Along with many other topics of special education, the topic of inclusion has been surrounded by uncertainty and controversy for as long as the concept has been around.
This controversy may stem from the fact that inclusion is expensive and experts disagree about how much time disabled students should spend in regular classrooms (Cambanis, 2001). Although this topic is controversial, it cannot be ignored. Inclusion will, at some point, affect 1% of all children born each year, who will have disabilities and the families and educators they will come in contact with (Stainback, 1985).
There are two major federal laws that deal with the education of children with special needs. One of these laws is, The Individuals with Disabilities Education Act, also known as IDEA (W.E.A.C, 2001). This law passed in 1975, was the first act to guarantee all students with disabilities a public education (Kluth, Villa & Thousand, 2001).
This law requires that the school district supply an IEP, individualized education program (Merritt, 2001), for every child with disabilities. This law also requires that the IEP team consider placing each child in the least restrictive environment possible (W.E.A.C, 2001). The least restrictive environment possible refers to the environment that would benefit the handicapped student the most, both academically and socially.
The IEP team usually considers three possibilities for the student. One possibility is that of a self-contained classroom, where the student would be in a class with all disabled students and be taught by special education teachers. A second possibility is that the student be placed in a general education classroom for half of the...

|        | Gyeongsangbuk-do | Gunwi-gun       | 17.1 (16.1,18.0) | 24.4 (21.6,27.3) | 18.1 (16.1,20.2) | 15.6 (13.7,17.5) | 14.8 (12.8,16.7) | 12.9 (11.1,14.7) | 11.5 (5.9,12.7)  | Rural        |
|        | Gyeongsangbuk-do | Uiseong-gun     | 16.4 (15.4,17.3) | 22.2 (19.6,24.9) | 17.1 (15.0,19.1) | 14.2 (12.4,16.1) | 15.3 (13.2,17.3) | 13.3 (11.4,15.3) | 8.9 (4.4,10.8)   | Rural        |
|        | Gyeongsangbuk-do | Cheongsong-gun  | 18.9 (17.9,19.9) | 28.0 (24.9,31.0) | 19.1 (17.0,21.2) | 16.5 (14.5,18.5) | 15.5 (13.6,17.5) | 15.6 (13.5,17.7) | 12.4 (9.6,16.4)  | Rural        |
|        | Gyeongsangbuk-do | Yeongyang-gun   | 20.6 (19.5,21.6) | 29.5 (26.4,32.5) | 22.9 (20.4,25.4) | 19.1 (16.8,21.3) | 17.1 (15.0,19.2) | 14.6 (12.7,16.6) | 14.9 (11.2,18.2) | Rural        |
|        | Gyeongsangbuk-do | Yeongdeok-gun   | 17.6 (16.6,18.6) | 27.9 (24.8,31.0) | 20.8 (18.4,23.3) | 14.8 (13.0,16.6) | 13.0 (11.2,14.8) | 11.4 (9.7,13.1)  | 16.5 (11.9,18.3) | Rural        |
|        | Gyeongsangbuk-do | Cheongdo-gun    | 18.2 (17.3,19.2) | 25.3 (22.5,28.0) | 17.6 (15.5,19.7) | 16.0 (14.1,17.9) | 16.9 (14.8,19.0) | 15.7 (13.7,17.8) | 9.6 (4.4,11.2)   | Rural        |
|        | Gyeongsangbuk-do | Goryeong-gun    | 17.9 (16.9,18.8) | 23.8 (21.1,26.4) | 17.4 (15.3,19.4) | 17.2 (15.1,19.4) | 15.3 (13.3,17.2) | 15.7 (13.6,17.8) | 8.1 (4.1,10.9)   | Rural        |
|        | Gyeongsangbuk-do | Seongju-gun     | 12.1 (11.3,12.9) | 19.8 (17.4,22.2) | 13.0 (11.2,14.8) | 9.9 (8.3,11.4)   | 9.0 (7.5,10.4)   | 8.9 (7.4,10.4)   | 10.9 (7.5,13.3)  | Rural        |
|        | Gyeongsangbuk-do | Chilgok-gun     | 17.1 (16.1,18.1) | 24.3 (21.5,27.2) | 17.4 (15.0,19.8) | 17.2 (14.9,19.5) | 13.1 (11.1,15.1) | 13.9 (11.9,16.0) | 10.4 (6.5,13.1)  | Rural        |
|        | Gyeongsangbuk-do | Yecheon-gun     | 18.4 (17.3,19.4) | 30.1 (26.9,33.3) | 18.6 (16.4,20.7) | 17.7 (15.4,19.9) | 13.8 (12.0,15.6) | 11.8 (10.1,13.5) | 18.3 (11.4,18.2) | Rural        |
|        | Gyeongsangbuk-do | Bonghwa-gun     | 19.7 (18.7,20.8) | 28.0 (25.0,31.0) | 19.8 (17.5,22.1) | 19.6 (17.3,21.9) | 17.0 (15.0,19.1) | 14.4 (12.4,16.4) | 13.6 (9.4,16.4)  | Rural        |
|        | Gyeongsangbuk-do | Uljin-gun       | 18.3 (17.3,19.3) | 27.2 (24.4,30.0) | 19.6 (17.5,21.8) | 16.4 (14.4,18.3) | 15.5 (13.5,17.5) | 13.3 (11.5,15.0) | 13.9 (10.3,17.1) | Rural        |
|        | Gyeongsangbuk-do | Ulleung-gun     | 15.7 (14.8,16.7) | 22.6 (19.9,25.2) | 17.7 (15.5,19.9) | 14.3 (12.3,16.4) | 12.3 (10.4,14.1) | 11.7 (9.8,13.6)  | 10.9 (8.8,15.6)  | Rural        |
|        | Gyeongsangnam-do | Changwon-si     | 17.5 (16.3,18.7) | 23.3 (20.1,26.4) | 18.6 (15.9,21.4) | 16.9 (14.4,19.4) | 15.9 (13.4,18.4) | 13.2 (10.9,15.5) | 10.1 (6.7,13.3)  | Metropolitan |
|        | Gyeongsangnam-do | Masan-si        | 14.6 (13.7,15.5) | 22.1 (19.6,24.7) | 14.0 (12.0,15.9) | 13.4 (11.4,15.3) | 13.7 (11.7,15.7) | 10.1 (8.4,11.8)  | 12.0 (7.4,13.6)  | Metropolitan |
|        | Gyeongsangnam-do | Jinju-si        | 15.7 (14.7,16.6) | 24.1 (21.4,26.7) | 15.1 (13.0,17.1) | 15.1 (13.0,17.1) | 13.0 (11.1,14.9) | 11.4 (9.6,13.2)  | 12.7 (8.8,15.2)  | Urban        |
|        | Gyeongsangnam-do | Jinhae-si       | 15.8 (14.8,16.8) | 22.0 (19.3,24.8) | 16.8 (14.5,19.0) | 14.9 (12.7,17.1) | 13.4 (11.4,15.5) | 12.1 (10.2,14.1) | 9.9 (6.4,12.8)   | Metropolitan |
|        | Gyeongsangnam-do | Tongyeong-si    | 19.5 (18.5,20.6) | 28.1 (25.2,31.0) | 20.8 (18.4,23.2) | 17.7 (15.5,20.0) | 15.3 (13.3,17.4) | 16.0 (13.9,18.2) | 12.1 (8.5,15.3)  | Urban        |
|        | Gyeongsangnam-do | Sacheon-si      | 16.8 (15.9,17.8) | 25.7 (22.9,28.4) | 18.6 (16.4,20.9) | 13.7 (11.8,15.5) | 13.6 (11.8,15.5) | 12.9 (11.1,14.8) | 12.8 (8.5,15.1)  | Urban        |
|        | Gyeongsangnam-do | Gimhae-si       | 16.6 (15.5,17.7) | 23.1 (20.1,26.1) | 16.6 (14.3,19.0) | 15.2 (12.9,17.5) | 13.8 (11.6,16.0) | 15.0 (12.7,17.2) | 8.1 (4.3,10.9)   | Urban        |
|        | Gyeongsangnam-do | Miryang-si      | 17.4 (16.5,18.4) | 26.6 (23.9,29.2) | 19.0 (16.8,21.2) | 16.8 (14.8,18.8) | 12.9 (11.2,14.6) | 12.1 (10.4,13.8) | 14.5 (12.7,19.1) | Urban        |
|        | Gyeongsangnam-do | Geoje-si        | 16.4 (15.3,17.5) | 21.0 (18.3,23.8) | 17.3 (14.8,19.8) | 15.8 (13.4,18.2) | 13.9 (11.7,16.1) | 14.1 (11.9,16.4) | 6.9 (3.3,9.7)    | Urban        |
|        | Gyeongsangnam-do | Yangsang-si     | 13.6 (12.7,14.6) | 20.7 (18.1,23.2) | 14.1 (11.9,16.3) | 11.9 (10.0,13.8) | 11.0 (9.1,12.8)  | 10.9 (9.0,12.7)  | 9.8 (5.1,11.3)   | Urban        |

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.... Learning Disability Quarterly, 24(4), pp.265-74. Retrieved March 11, 2002 from WilsonSelect Database.
Palmer, David S., Fuller, Kathy., Arora, Tina. (2001). Taking Sides: Parent View on Inclusion for Their Children with Severe Disabilities. Exceptional Children, 67(4), pp.467-484. Retrieved March, 11, 2002 from WilsonSelect Database.
Choate, Joyce S. (1997). Successful Inclusive Teaching- Proven Ways to Detect and Correct Special Needs. Massachusetts: Allyn& Bacon.
Stainback, Susan & William. (1985). Integration of Students with Severe Handicaps into Regular Schools. Virginia: The Council for Exceptional Children.
Special Education Inclusion. (2001). Retrieved February 25, 2002 from http://www.weac.org.htm
Active Inclusion-Facilitating Active Inclusion in Secondary Education. (2000). Retrieved February 25, 2002 from http://www.faise.com
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